Authors: Samuel Johnson

  • Last updated on December 10, 2021

Last reviewed: June 2018

English essayist and critic

September 18, 1709

Lichfield, Staffordshire, England

December 13, 1784

London, England


Samuel Johnson was born at Lichfield, Staffordshire, on September 18, 1709. His father, Michael, was a provincial bookseller, and it was through browsing in his father’s shop that the boy acquired much of his remarkable knowledge. Physically handicapped, with bad eyesight and facial disfigurements, he later developed a pronounced tic. Showing early emotional instability, he was ever afterward subject to long fits of lassitude and depression. {$I[AN]9810000299} {$I[A]Johnson, Samuel} {$I[geo]ENGLAND;Johnson, Samuel} {$I[tim]1709;Johnson, Samuel}

Samuel Johnson

(Library of Congress)

In the grammar schools of Lichfield and Stourbridge, and for some thirteen months at Oxford University, Johnson was well grounded in the classics, but because of financial difficulties he left the university in 1729 without a degree. During the next few years, all attempts to find a permanent post as a teacher failed; then, in 1735, he married Elizabeth Porter, a widow more than twenty years his senior, with whose small fortune he set up his own school. When this, too, proved unsuccessful, he and his wife moved to London late in 1737. There followed a decade of poverty and distress in the city, as Johnson eked out a meager livelihood as translator and writer. He aided Edward Cave in editing the Gentleman’s Magazine, providing fictionalized accounts of the proceedings in Parliament as well as short biographies, essays, and poems. Independently, he was involved in other large projects, and con amore wrote a revealing life of his erratic friend in misery, Richard Savage. An Account of the Life of Mr. Richard Savage, Son of the Earl Rivers is now recognized as an important milestone in the development of the art of biography.

In 1746, he signed a contract with a group of booksellers to produce a dictionary of the English language, but it was not until 1755 that the work, in two large folio volumes, finally appeared. Meanwhile, he had written two imitations of Juvenal, London: A Poem in Imitation of the Third Satire of Juvenal and The Vanity of Human Wishes: The Tenth Satire of Juvenal Imitated, proclaimed by T. S. Eliot to be “among the greatest verse Satires of the English or any other language.” Johnson’s blank-verse work Irene: A Tragedy was produced at Drury Lane in February 1749, with meager success. Early in the 1750s, he wrote some two hundred periodical essays collectively titled The Rambler.

With the publication of A Dictionary of the English Language: To Which Are Prefixed, a History of the Language, and an English Grammar in 1755, his reputation was established, but fame brought little immediate financial return. So in June 1756, he issued proposals for a new edition of Shakespeare and in the same year was largely responsible for a new periodical, The Literary Magazine or Universal Review. From April 1758, to April 1760, he contributed a weekly essay under the title of The Idler to a newspaper, the Universal Chronicle. Depressed by the fatal illness of his mother, whom he had not seen for almost twenty years, and needing money for her expenses, he dashed off in the evenings of a single week what is perhaps his most characteristic work, the philosophical tale known as Rasselas, Prince of Abyssinia: A Tale by S. Johnson.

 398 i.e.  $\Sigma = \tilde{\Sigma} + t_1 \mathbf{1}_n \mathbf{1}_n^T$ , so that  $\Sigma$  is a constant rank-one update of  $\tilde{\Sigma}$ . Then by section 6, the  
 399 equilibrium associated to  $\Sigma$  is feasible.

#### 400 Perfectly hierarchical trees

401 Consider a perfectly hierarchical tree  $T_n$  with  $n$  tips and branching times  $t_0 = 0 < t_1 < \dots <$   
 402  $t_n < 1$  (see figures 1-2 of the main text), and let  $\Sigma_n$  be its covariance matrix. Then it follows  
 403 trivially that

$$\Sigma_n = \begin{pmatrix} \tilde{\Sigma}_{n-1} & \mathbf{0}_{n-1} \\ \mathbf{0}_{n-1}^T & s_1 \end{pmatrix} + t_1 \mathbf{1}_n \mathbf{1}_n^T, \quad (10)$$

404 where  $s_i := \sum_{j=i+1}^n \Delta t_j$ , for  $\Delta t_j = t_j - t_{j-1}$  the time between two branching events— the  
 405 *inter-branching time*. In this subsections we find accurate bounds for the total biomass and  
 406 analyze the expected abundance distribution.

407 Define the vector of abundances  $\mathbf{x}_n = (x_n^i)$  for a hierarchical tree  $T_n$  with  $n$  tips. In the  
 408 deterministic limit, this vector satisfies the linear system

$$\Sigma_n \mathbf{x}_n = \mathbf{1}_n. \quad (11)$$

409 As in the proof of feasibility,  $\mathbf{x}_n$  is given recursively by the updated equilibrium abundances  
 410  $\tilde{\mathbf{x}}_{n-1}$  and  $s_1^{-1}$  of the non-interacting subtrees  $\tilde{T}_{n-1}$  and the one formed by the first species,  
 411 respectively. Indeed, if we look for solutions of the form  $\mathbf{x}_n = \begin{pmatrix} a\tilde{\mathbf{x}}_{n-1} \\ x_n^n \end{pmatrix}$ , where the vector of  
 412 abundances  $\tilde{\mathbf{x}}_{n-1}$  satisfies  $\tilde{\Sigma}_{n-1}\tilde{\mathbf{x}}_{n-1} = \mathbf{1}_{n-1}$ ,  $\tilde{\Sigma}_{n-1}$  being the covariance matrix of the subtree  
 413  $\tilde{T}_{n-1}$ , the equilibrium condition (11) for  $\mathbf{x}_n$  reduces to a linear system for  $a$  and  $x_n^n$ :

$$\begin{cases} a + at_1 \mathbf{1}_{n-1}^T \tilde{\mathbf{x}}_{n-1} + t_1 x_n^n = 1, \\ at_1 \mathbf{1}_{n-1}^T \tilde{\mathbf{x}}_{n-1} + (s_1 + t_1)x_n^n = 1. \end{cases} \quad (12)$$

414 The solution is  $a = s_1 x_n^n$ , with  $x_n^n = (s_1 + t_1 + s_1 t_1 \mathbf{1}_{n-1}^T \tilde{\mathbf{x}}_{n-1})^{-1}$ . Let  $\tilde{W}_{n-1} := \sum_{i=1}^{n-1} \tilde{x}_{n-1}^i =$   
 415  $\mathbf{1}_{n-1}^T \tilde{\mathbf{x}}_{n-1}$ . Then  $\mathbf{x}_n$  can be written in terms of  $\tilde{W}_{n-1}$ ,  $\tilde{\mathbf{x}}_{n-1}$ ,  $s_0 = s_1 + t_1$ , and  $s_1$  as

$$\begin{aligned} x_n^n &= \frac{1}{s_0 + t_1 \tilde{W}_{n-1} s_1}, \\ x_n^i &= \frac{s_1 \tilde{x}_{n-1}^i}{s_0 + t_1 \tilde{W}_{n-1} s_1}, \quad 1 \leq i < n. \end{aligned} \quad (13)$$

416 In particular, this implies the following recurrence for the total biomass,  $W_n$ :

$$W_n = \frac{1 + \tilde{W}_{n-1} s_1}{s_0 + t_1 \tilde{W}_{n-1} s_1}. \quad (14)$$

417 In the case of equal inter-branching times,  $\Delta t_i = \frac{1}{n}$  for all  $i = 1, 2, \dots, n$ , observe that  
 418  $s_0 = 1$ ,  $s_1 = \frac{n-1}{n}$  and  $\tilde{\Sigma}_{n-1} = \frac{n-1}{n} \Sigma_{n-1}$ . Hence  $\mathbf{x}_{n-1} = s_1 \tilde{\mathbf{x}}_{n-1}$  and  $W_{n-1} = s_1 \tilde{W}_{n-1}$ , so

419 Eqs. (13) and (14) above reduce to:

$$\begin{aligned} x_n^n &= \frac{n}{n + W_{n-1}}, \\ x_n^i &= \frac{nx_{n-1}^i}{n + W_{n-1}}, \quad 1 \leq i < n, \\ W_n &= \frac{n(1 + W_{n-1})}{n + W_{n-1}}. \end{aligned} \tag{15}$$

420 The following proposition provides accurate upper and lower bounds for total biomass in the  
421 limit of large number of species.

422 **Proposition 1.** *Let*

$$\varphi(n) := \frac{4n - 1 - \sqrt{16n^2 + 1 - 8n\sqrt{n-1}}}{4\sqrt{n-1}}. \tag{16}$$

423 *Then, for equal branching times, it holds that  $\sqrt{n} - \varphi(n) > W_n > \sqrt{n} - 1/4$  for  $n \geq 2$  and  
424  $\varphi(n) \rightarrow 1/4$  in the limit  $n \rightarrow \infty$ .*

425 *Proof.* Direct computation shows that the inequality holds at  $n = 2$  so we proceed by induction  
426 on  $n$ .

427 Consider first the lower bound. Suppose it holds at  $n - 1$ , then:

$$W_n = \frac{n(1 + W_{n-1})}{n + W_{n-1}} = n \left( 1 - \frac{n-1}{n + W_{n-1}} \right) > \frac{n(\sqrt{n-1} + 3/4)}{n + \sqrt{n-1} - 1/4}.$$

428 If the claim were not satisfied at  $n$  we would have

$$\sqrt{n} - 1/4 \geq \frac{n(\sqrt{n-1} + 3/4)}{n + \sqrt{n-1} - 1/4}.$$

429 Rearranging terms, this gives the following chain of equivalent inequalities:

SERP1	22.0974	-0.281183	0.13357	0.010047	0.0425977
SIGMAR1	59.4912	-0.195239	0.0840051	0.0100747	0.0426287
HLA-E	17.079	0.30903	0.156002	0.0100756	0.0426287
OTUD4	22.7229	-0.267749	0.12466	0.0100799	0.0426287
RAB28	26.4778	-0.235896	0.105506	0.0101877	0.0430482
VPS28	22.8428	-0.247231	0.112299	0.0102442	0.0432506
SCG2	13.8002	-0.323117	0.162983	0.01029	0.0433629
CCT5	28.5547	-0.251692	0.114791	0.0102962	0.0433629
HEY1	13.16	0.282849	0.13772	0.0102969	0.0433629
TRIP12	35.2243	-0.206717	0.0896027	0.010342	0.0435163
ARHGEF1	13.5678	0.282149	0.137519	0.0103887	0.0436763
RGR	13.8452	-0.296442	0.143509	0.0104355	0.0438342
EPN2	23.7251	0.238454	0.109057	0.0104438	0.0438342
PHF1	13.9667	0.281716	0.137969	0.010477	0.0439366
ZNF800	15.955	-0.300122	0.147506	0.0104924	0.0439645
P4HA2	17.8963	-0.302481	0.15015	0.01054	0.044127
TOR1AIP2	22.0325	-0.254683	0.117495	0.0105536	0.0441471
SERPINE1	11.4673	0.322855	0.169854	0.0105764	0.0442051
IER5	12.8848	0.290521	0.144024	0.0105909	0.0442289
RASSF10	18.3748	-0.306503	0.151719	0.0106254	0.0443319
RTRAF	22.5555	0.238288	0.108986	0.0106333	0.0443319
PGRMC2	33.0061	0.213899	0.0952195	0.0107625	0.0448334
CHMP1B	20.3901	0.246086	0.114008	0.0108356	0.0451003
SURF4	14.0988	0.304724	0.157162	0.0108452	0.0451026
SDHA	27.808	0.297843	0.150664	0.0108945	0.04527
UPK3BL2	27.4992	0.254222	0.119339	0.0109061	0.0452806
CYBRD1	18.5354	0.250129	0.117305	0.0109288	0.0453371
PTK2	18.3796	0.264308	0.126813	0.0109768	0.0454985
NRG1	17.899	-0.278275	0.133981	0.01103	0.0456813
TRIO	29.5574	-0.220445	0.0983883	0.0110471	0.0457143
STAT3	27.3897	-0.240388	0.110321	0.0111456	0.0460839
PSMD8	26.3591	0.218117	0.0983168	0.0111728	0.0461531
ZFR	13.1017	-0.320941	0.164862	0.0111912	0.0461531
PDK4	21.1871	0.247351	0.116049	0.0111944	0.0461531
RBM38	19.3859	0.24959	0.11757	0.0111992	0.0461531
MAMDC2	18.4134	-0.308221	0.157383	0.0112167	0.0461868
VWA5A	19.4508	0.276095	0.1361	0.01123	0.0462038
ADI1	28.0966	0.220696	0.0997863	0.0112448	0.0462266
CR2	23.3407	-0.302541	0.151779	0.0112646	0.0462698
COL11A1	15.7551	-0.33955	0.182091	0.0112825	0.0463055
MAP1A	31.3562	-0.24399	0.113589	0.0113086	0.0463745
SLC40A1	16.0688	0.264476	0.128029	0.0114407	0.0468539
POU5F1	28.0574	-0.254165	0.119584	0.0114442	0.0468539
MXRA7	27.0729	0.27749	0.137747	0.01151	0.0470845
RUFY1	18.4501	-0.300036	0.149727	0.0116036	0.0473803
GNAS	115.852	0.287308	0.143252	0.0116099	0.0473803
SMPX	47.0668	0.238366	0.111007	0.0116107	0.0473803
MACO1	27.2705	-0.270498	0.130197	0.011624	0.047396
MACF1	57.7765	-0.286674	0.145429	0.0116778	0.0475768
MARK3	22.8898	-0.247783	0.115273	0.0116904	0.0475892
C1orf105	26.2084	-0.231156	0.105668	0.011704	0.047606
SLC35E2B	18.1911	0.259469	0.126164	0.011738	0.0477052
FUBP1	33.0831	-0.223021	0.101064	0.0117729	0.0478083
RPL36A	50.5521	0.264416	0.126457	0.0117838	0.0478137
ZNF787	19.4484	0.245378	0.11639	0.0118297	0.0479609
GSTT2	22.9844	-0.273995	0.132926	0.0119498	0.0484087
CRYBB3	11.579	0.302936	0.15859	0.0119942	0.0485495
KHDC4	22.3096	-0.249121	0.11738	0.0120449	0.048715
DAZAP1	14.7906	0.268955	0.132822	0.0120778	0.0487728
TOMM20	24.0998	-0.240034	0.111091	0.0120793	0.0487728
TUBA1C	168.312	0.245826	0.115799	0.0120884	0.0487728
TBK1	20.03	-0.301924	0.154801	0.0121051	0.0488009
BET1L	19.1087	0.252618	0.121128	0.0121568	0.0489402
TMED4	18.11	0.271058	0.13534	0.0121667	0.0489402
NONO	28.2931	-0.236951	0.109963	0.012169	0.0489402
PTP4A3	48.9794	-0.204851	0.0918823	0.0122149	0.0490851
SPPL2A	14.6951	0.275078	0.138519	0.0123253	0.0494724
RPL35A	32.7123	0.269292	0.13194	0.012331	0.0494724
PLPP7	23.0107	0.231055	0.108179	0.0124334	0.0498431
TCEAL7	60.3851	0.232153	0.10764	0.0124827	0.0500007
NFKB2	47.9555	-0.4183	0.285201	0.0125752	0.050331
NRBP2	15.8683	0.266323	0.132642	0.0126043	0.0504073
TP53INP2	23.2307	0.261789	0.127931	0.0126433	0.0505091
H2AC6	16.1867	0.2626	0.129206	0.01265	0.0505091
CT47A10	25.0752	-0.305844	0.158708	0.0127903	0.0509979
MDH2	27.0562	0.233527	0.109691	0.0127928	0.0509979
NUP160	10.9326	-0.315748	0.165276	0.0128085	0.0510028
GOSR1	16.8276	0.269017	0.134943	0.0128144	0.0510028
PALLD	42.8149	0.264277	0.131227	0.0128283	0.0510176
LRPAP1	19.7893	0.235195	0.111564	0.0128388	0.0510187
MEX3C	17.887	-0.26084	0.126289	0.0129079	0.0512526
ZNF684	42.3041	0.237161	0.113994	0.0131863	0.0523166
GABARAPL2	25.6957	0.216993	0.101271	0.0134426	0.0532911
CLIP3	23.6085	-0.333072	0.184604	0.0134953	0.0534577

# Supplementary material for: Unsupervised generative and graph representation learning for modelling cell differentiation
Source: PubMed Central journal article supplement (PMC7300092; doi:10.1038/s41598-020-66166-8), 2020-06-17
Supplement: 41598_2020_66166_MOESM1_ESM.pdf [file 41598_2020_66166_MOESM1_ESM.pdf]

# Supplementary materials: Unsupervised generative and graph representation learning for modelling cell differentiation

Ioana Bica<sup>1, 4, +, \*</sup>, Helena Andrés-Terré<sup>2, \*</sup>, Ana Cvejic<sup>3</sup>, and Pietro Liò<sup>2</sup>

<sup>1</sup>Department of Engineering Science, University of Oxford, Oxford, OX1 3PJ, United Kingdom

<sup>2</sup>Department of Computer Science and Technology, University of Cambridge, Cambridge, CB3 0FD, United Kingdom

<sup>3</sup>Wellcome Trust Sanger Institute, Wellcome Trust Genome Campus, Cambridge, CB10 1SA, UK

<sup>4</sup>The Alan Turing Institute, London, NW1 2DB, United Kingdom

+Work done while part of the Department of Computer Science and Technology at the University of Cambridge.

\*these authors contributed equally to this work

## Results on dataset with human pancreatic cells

After the death in 1752 of his beloved wife, Johnson more and more sought diversion and companionship in the coffee houses and taverns, gradually drawing around him a brilliant circle, including some of the most eminent men of his age, among them Edmund Burke, Sir Joshua Reynolds, Oliver Goldsmith, and David Garrick. As the years passed, Johnson’s fame as a talker and sage equaled his reputation as a writer.

In 1762, his financial difficulties were alleviated by a royal pension of three hundred pounds a year, and for the rest of his life he wrote only what he wished. Thus began the period so brilliantly chronicled by the young Scot, James Boswell, whom he met in May 1763. In January 1765, Johnson met the brewer Henry Thrale and his talkative wife, Hester, in whose comfortable homes he spent much time during the next eighteen years. Of his late published works, the most notable were a series of political pamphlets hurriedly written in the early 1770s, an account of his journey with Boswell to the western islands of Scotland, and a series of biographical and critical prefaces to an extensive edition of the English poets of the seventeenth and early eighteenth centuries that came to be known as The Lives of the Poets. Subject to asthma and a number of other ailments, he died on December 13, 1784, in London.

In his day, Johnson was best known as a lexicographer, essayist, and critic. Because of Boswell’s genius and a general shift of sensibility, the next century regarded him chiefly as an eccentric character in a great book. He was loved and admired as the epitome of British bullheadedness and as the patron saint of “clubbability,” but only rarely were his works taken down from the shelves. The twentieth century again took Johnson seriously as a creative artist and critic.